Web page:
I live in Germany and I often face the problem digitalisation of govermental services. I want to rethink “Verwaltung” or in english "Administration" and put users in the center of digital process development. I had the opportunity to visit the office of “Finanzamt Berlin” and to speak with people working there on the project “ELSTER”. The Portal of registration of a business is currently available only in German. However, there are many citizens in Germany who need to sign up for their new business and don't speak, read or write in German.
The goal of my project is multilingualism of the portal. Users should be able to select their native language. The different languages, however, pose challenges to design of the interface, for example, languages which use the following scripts are written left to right In my project I present a new design in different languages for the business service.
I made the classification of the language and quote some interesting facts. The research dealt with the life of Foreigners in Berlin. I researched valuable tips, which are necessary to multilingualism in interface design to be considered appropriately. Some interesting facts that found due my research.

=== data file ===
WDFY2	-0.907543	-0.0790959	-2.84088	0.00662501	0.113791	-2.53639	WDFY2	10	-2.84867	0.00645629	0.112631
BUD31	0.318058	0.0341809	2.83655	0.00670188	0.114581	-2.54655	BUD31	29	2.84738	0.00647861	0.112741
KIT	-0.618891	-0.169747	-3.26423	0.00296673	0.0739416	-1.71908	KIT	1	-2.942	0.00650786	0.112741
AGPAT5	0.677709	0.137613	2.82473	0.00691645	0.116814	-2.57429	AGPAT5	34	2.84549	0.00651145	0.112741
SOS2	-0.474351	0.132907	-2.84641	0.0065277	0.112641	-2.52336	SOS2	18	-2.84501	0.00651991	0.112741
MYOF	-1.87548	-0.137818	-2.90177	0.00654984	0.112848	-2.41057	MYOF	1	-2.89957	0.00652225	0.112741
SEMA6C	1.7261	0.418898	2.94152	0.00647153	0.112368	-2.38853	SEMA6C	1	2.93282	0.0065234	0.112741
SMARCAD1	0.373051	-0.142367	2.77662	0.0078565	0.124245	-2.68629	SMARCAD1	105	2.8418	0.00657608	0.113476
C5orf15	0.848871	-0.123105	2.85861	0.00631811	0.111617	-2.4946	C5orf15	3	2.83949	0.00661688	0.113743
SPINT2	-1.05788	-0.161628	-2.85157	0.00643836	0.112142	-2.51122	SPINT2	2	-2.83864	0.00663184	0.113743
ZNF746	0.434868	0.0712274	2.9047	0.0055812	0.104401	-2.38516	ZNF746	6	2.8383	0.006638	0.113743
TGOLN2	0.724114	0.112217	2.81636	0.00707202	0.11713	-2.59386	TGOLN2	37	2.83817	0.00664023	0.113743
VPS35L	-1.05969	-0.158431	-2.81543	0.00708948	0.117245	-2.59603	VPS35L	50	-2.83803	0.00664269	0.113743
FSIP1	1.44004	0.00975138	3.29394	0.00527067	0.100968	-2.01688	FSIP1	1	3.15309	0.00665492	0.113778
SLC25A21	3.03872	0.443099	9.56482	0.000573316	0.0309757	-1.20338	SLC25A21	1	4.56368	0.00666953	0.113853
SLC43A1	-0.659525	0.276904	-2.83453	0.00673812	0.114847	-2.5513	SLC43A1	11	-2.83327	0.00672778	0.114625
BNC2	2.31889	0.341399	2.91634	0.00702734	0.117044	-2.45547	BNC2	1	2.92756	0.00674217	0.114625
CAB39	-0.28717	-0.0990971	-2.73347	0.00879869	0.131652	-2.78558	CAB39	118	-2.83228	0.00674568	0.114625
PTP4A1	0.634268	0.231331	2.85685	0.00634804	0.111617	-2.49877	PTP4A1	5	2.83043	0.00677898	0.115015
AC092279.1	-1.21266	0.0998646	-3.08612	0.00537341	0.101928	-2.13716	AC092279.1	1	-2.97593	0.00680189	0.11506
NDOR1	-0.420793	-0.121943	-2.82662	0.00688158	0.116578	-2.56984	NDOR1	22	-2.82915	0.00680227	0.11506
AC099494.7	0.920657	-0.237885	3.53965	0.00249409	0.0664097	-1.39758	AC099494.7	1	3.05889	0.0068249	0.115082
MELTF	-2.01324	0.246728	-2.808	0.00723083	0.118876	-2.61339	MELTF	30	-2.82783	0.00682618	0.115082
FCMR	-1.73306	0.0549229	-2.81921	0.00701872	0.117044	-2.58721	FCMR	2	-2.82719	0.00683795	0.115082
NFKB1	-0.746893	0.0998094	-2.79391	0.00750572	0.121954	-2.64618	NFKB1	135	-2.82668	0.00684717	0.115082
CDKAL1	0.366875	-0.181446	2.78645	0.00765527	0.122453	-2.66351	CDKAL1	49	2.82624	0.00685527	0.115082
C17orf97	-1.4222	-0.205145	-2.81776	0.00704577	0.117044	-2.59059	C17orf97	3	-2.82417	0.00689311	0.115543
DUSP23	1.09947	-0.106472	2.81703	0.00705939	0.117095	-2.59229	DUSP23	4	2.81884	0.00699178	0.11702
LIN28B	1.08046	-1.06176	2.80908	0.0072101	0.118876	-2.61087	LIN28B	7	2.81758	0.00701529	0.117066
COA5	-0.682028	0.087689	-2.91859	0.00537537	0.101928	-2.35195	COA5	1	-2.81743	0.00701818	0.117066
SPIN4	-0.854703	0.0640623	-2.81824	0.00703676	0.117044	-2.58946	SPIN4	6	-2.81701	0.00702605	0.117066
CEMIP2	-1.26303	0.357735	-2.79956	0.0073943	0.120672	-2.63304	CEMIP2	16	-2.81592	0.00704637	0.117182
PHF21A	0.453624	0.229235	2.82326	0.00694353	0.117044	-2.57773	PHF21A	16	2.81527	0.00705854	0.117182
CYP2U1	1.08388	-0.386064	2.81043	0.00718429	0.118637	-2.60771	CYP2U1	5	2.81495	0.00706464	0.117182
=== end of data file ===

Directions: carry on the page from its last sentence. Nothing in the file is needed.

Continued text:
When you offer content in several languages, it’s best not to rely on translation software. Ask a professional human translator or a native speaker.
A multilingual website is useless without the ability to change languages. You can use a dropdown, placed top-right on the page (for left-to-right content the top left corner is more suitable). You might also find switchers in the footer . Whichever pattern you go for, make sure that the dropdown is easy to see and access.
Flags are very often used to indicate a language. But you should know that:
- Flags represent countries, not languages.
- A country can have more than one official language.
- A language can be spoken in more than one country.
- Visitors might not recognize a flag (because of the icon size) or they might be confused by similar flags.
Your content needs to be readable. Don’t forget that certain languages are more “wordy” and therefore take up more space. A button ‘add to cart’ might be translated in Dutch to ‘aan winkelwagen toevoegen’. The English version consists of 11 characters, the Dutch version 25, taking up twice as much space. Non-Latin fonts may need a different line-height, or character size, to your Latin default. Chinese characters, for example, are visually more complex than Latin characters, meaning they need to be large enough for clear distinction.
Countries have differing ethical views. There’s a culture-specific nature of sexuality, humor, symbolism, etc. which is easily overlooked when translating a website. For example: in certain countries it’s perfectly acceptable to show a photo of a gay couple, while other countries might find this offensive.
Here is a presentation of my research (in german).